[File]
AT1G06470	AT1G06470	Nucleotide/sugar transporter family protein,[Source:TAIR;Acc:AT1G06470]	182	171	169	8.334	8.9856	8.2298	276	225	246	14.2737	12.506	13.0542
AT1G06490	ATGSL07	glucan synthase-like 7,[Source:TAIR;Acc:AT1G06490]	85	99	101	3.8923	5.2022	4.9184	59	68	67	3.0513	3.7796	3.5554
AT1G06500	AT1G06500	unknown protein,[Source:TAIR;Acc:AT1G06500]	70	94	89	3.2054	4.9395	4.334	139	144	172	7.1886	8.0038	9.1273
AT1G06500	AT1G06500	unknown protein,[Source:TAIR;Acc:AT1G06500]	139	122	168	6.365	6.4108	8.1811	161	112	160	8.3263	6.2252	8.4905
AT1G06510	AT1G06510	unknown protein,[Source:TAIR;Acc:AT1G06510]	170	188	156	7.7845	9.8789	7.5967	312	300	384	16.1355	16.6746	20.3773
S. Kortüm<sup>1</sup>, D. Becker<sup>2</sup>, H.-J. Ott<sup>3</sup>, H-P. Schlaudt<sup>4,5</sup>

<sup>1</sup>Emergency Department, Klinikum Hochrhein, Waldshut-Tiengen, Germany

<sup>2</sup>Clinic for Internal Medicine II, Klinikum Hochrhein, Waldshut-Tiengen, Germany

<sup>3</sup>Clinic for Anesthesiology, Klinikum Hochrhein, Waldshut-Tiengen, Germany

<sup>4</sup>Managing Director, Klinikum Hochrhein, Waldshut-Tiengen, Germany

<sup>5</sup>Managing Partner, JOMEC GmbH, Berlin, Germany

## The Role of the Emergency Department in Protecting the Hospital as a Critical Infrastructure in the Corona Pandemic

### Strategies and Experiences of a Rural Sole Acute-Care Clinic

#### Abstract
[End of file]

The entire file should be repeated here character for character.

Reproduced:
AT1G06470	AT1G06470	Nucleotide/sugar transporter family protein,[Source:TAIR;Acc:AT1G06470]	182	171	169	8.334	8.9856	8.2298	276	225	246	14.2737	12.506	13.0542
AT1G06490	ATGSL07	glucan synthase-like 7,[Source:TAIR;Acc:AT1G06490]	85	99	101	3.8923	5.2022	4.9184	59	68	67	3.0513	3.7796	3.5554
AT1G06500	AT1G06500	unknown protein,[Source:TAIR;Acc:AT1G06500]	70	94	89	3.2054	4.9395	4.334	139	144	172	7.1886	8.0038	9.1273
AT1G06500	AT1G06500	unknown protein,[Source:TAIR;Acc:AT1G06500]	139	122	168	6.365	6.4108	8.1811	161	112	160	8.3263	6.2252	8.4905
AT1G06510	AT1G06510	unknown protein,[Source:TAIR;Acc:AT1G06510]	170	188	156	7.7845	9.8789	7.5967	312	300	384	16.1355	16.6746	20.3773
S. Kortüm<sup>1</sup>, D. Becker<sup>2</sup>, H.-J. Ott<sup>3</sup>, H-P. Schlaudt<sup>4,5</sup>

<sup>1</sup>Emergency Department, Klinikum Hochrhein, Waldshut-Tiengen, Germany

<sup>2</sup>Clinic for Internal Medicine II, Klinikum Hochrhein, Waldshut-Tiengen, Germany

<sup>3</sup>Clinic for Anesthesiology, Klinikum Hochrhein, Waldshut-Tiengen, Germany

<sup>4</sup>Managing Director, Klinikum Hochrhein, Waldshut-Tiengen, Germany

<sup>5</sup>Managing Partner, JOMEC GmbH, Berlin, Germany

## The Role of the Emergency Department in Protecting the Hospital as a Critical Infrastructure in the Corona Pandemic

### Strategies and Experiences of a Rural Sole Acute-Care Clinic

#### Abstract